Tuesday, February 1, 2011
HR.3: Generations of Who Pays?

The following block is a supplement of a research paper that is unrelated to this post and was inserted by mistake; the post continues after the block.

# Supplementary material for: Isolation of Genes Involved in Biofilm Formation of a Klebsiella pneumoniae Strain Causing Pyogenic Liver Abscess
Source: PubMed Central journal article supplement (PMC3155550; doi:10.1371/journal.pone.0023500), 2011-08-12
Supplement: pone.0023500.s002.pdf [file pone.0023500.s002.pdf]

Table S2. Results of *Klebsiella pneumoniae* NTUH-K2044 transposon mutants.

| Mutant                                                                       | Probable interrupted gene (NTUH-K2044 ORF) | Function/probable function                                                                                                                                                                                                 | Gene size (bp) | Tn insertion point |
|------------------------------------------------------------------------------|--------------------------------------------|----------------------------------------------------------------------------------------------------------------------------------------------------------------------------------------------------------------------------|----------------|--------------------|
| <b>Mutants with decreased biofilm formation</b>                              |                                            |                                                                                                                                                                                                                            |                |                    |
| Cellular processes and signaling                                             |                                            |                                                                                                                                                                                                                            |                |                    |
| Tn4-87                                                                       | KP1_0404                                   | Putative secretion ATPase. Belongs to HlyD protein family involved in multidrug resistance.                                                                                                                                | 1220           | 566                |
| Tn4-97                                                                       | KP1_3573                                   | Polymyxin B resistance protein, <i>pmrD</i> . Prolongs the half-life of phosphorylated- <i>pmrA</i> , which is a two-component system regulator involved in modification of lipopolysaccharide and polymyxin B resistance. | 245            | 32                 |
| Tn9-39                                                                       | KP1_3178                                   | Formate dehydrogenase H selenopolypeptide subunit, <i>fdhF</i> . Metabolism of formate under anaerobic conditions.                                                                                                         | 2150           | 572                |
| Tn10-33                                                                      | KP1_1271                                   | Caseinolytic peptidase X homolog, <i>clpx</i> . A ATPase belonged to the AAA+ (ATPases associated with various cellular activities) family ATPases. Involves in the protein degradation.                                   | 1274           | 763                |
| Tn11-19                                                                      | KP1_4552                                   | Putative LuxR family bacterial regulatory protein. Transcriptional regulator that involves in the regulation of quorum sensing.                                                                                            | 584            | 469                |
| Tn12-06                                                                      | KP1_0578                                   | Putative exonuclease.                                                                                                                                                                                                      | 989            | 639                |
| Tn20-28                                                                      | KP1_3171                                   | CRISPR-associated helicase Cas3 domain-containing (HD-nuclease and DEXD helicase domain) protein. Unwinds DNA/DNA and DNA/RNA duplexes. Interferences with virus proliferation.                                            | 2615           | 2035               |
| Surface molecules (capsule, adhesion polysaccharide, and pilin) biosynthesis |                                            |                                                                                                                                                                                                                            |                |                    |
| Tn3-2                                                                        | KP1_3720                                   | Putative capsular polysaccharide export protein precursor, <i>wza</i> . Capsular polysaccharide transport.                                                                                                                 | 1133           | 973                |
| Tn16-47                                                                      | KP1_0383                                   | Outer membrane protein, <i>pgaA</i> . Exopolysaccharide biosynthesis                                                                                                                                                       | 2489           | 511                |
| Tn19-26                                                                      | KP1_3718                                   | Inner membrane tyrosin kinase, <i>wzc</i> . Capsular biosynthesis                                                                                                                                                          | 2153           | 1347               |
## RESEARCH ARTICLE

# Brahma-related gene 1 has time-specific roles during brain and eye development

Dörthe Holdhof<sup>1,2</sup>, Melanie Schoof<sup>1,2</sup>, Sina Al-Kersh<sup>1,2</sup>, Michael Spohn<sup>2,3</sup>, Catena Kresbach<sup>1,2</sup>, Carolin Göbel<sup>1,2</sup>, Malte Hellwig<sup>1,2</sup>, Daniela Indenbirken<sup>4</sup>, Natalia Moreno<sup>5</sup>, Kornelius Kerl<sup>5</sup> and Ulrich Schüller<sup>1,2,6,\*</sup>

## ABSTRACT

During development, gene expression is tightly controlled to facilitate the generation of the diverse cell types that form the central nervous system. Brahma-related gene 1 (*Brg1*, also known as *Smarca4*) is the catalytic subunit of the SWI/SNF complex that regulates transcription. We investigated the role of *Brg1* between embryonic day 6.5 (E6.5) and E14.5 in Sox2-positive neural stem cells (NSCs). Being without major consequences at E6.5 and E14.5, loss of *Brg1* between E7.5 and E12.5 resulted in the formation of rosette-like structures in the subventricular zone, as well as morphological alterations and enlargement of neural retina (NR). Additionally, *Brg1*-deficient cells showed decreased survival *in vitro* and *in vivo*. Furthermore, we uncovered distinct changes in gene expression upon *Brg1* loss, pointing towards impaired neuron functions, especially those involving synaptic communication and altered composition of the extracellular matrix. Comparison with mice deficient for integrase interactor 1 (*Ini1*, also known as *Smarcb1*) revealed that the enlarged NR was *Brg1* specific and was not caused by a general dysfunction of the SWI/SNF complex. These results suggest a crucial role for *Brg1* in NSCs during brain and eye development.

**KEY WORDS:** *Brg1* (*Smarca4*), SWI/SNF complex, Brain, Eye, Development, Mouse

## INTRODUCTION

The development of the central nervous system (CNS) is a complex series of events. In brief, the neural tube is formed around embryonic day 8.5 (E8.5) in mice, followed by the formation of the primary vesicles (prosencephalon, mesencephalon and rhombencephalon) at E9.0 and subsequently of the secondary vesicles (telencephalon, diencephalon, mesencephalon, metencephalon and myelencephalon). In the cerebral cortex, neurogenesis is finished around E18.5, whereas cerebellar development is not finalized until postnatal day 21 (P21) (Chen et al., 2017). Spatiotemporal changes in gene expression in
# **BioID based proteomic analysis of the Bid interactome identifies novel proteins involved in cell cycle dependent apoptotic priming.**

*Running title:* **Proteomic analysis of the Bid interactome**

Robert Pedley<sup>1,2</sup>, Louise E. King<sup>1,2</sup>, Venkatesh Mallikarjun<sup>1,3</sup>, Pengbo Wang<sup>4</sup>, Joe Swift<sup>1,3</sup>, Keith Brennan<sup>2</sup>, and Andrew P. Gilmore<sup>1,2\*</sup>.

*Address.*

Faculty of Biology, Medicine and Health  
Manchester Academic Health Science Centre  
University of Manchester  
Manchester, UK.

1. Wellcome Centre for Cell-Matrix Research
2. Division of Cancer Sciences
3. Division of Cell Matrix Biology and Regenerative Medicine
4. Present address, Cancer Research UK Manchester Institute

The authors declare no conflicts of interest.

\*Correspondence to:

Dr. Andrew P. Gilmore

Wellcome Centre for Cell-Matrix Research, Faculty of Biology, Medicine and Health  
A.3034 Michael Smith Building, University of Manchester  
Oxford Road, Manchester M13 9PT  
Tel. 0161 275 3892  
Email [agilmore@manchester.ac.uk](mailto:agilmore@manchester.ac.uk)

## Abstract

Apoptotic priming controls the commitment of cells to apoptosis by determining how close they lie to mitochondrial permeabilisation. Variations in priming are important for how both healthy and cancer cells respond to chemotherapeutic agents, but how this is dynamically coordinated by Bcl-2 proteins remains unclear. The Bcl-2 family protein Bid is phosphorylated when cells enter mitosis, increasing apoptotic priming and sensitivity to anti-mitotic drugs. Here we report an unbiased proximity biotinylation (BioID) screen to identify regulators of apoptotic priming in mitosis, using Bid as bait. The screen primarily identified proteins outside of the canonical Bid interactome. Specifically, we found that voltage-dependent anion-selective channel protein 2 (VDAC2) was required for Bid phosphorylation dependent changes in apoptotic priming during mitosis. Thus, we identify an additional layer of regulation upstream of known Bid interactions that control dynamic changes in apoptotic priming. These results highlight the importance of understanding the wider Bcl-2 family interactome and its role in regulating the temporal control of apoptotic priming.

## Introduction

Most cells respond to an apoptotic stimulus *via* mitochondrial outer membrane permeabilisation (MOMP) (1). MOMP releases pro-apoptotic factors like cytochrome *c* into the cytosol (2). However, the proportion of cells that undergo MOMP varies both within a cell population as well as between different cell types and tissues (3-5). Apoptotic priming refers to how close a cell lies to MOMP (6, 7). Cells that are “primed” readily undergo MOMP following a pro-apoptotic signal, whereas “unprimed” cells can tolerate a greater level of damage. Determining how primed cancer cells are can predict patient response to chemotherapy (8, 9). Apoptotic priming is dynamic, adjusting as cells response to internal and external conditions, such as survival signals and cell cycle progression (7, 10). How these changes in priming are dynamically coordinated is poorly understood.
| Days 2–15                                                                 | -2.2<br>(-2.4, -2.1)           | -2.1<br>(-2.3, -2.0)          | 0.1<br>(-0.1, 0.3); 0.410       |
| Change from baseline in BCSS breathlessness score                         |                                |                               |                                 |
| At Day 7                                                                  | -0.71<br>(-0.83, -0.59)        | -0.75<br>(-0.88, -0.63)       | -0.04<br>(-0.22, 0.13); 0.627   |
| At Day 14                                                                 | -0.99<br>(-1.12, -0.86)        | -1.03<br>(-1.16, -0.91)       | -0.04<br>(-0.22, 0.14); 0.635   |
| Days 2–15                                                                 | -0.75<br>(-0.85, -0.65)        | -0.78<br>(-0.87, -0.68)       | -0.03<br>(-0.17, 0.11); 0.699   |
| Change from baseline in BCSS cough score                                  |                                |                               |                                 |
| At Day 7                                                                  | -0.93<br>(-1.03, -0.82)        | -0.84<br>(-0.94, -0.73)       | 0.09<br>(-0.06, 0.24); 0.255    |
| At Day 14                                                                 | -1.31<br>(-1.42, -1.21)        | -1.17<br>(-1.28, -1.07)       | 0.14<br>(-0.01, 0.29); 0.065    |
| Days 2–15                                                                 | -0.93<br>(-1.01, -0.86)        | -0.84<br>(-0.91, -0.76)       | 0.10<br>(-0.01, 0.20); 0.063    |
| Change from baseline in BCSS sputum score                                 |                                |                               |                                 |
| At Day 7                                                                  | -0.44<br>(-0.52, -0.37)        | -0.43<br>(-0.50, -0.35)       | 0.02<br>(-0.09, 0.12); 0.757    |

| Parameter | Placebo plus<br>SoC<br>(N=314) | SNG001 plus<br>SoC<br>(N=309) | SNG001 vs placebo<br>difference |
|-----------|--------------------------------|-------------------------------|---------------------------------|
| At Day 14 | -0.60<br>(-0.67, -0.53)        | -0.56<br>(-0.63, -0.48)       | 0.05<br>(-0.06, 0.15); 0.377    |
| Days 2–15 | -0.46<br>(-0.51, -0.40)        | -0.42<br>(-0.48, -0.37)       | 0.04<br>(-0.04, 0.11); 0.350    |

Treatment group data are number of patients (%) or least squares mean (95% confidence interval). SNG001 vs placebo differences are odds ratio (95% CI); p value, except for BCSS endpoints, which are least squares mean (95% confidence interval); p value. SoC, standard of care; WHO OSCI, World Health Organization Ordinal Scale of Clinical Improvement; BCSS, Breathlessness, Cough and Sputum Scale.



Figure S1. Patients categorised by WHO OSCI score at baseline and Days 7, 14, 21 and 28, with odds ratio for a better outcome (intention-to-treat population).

HR.3 is misogyny and ultima ratio regum [last argument of kings]. I cannot tell the stories of elected officials who find this "highest legislative priority." I can tell personal stories. Stories of women I loved and admired fiercely, generations of my matriarchal ancestors. I can tell my own stories. Stories that need to stop. Maybe if we tell the stories for the first time, and loud enough, and in great enough numbers, the HR.3 perpetrators of the world will stop, too. My mother needed a certified copy of her birth certificate to get a passport for a trip to Australia. She was excited anticipating her tour. The birth certificate arrived with her name, parents' particulars, and her position as "second live birth." My mother understood herself to be firstborn. My grandmother had passed on, and her sister, my mother's aunt was in a nursing home. My mother asked Auntie why the birth certificate read second birth. It must be a mistake? Aunt Suoma told my mother the secret that two generations of women kept from the third, fourth and fifth. One late night, when my great-grandmother and her two young daughters were home alone, several men broke into their house, drunk, laughing, talking loudly in another language they did not understand and gang-raped the three repeatedly; mother and two daughters, aged 10 and 12. Men held the screaming mother from reaching her little girls while they raped her; men held the young girls down while other men brutally violated them, laughing and talking all the while. Were they beaten? Bruises, some cuts, tearing, bleeding from their ordeal. Would they qualify under the "forcible rape" language of HR.3? No. My great-grandmother was beyond conception, Aunt Suoma at 10 hadn't menstruated yet, but Saima, my grandmother, was impregnated. At 12 years old. She was young, a country girl, a foreigner and, now, a rape victim carrying a child of violence. She was sent away to nanny for another family and she learned there, as I have put together from stories she told me, to never look forward to anything again. She told the tale to me of that horrifying winter in the context that she had gotten a job as a nanny, and wasn't allowed home to visit her mother and sister. We assume the child was given up for adoption. My grandmother had a doll she called Georgie for as long as I knew her. She knitted clothes for her doll, kept he/she clean and safe, and I thought it was charming as a child. I now have Georgie in my bedroom. The doll means something else entirely to me now. My heart, soul and body ache telling this story, but our society is only as sick as the secrets it keeps. Women are trained from birth to go along to get along, and to shut up. We have shut up and suffered for generations. The picture with this post was taken in 1916, Suoma is on the left, Saima in the middle. The two sisters were never far apart from each other in their long lives - notice Saima has her fingers touching Suoma's shoulder. The date on the picture is 1916: two years after the gang rape in 1914. 97 years ago. We haven't come so very far, have we?